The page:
The diagram depicts the relationship between Trustees, active volunteers, community based paid staff, i.e. teachers, teachers’ aides, etc. and the 3 areas of community focus and the 3 areas of target benefactors
Diagram 1 – Relationship Map
All volunteers will:
The Foundation aims to reflect the voluntary nature of our relationship with volunteers. Therefore, the volunteer’s designated manager deals with minor complaints or grievances about or by volunteers or their work through the usual support and supervision procedures, in the first instance. However, we recognise our duty to protect the wellbeing and interests of all our stakeholders and therefore operate a formal complaints procedure in the case of more serious complaints. In the case of particularly serious offences, as specified in the Code of Practice, this process may be bypassed and/or the subject of the complaint asked to leave. Where a criminal offence is suspected, the matter will be handed over to the police
The Foundation reserves the right to terminate your volunteer relationship. Any termination will be done in writing. The Foundation will where possible try and give volunteers at least two weeks notice of termination of the volunteering relationship but has the right to terminate the volunteer relationship without notice at any time without prejudice.
If you wish to withdraw from your voluntary role you are asked to give your assignment Management Committee Head as much notice as possible. The Foundation would appreciate at least two weeks’ notice of you leaving your role but recognises your right to withdraw at any time without prejudice.
You will be offered an exit interview upon leaving your voluntary role.
It will be the responsibility of the Foundation to regularly review the operation of this Volunteer Policy and to make sure that it is always in accordance with the Equal Opportunity Policy and current volunteering best practice.
The Foundation strives to create a diverse and inclusive organisation within a diverse and inclusive community. Therefore, we are committed to ensuring equality of access to high quality volunteer opportunities and equality of treatment for our volunteers in all our policies and practices.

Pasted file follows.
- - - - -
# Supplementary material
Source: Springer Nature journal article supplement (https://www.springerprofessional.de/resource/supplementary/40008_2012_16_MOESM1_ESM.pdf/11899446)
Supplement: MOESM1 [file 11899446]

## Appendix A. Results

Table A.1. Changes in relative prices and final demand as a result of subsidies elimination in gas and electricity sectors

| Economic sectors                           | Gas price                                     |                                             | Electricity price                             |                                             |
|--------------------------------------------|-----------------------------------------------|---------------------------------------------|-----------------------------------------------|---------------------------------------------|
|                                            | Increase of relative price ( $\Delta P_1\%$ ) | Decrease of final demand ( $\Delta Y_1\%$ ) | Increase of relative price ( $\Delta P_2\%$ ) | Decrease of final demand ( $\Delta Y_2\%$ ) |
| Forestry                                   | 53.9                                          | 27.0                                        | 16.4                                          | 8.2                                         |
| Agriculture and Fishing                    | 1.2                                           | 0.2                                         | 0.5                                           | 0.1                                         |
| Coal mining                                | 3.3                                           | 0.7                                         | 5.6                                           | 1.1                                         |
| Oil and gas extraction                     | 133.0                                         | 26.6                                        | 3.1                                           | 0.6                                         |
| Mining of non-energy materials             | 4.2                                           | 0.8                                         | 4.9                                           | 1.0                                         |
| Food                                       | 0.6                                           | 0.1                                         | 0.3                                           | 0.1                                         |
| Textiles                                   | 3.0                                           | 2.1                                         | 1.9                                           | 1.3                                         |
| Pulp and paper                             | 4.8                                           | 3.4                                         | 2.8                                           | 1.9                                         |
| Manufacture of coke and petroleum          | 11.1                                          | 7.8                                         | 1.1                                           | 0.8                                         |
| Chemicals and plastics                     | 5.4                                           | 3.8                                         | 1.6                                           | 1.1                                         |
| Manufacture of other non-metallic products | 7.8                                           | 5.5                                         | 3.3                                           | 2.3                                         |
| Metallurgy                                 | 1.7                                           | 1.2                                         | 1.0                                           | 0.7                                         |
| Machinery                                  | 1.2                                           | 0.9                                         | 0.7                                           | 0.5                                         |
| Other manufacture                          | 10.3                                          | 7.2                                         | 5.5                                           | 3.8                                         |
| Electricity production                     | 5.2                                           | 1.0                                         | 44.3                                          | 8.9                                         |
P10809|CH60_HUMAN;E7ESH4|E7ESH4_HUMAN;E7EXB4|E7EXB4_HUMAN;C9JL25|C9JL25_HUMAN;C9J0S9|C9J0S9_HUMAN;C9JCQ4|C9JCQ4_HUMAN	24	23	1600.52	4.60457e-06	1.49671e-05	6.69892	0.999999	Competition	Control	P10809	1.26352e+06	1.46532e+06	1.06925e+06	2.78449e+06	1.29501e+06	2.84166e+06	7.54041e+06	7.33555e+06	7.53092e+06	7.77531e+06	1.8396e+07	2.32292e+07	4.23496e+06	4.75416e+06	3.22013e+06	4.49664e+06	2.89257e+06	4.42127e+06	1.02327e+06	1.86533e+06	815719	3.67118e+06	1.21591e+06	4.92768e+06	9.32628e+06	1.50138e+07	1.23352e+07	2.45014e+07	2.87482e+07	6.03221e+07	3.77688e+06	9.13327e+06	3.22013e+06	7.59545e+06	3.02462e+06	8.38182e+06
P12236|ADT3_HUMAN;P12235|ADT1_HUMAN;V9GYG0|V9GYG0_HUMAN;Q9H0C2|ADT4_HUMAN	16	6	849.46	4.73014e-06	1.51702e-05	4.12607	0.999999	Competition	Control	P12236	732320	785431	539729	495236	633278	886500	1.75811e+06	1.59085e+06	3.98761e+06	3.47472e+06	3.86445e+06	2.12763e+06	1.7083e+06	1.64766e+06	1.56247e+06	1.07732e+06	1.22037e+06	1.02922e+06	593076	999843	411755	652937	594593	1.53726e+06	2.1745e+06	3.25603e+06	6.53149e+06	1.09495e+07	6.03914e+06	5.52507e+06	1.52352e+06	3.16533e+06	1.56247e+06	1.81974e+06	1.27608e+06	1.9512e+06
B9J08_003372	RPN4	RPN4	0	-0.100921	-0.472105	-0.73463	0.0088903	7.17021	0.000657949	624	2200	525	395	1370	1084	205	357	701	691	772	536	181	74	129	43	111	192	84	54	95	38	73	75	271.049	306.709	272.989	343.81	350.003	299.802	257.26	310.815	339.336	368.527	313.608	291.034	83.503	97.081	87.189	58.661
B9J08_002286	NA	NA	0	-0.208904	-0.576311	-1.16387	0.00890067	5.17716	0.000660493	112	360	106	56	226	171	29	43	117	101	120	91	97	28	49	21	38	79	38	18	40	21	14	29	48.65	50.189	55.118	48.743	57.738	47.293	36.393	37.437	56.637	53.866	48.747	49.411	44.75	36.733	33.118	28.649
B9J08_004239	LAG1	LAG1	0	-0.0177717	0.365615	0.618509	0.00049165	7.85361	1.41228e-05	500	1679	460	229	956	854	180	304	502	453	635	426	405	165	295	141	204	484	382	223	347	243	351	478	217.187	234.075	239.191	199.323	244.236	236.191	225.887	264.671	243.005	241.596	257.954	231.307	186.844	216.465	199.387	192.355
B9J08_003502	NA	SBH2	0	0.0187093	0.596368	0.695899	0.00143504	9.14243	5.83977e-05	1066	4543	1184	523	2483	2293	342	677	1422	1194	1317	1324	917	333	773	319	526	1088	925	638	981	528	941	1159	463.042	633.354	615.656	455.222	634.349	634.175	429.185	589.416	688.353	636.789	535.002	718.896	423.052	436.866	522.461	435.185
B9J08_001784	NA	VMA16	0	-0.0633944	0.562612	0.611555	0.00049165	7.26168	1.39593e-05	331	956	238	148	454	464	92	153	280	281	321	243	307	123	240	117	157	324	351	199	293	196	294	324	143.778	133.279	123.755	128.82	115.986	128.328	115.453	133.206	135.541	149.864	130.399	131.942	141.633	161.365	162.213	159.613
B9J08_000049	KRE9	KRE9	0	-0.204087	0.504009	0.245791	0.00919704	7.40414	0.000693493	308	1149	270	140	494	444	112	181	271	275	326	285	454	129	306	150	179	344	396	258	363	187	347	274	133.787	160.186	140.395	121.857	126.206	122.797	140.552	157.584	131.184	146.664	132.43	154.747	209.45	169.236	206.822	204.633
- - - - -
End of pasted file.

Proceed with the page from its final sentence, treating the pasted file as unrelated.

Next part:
Children are vulnerable and need to be kept safe. All volunteers will need to demonstrate to the Foundation that they are fit for the role that they are undertaking. For some roles this would require undertaking the taking up of references and the receipt of a relevant DBS check.
In order to effectively monitor the work that volunteers do and how they are managed, a personal file is maintained for all volunteers, which includes: contact details and other relevant personal information; details of the application and selection process; agreements made; hours worked; records of support and supervision activities; training undertaken and any complaints or grievances made or received. Some of this information and other relevant information may also be recorded in digital records. All such information is treated in accordance with the Data Protection Act (1998) and volunteers are entitled to inspect all such information pertaining to their own involvement.
Both volunteers and the Foundation agree that the intellectual property rights of original work produced by volunteers automatically transfers to the Foundation.
If at any point during the recruitment, induction or management phases, a volunteer or management trustee identify any risk to the volunteer, the Foundation or the community served, the Foundation will follow its risk mitigation process. The diagram describes the risk mitigation process:
Diagram 2 – Risk Mitigation Process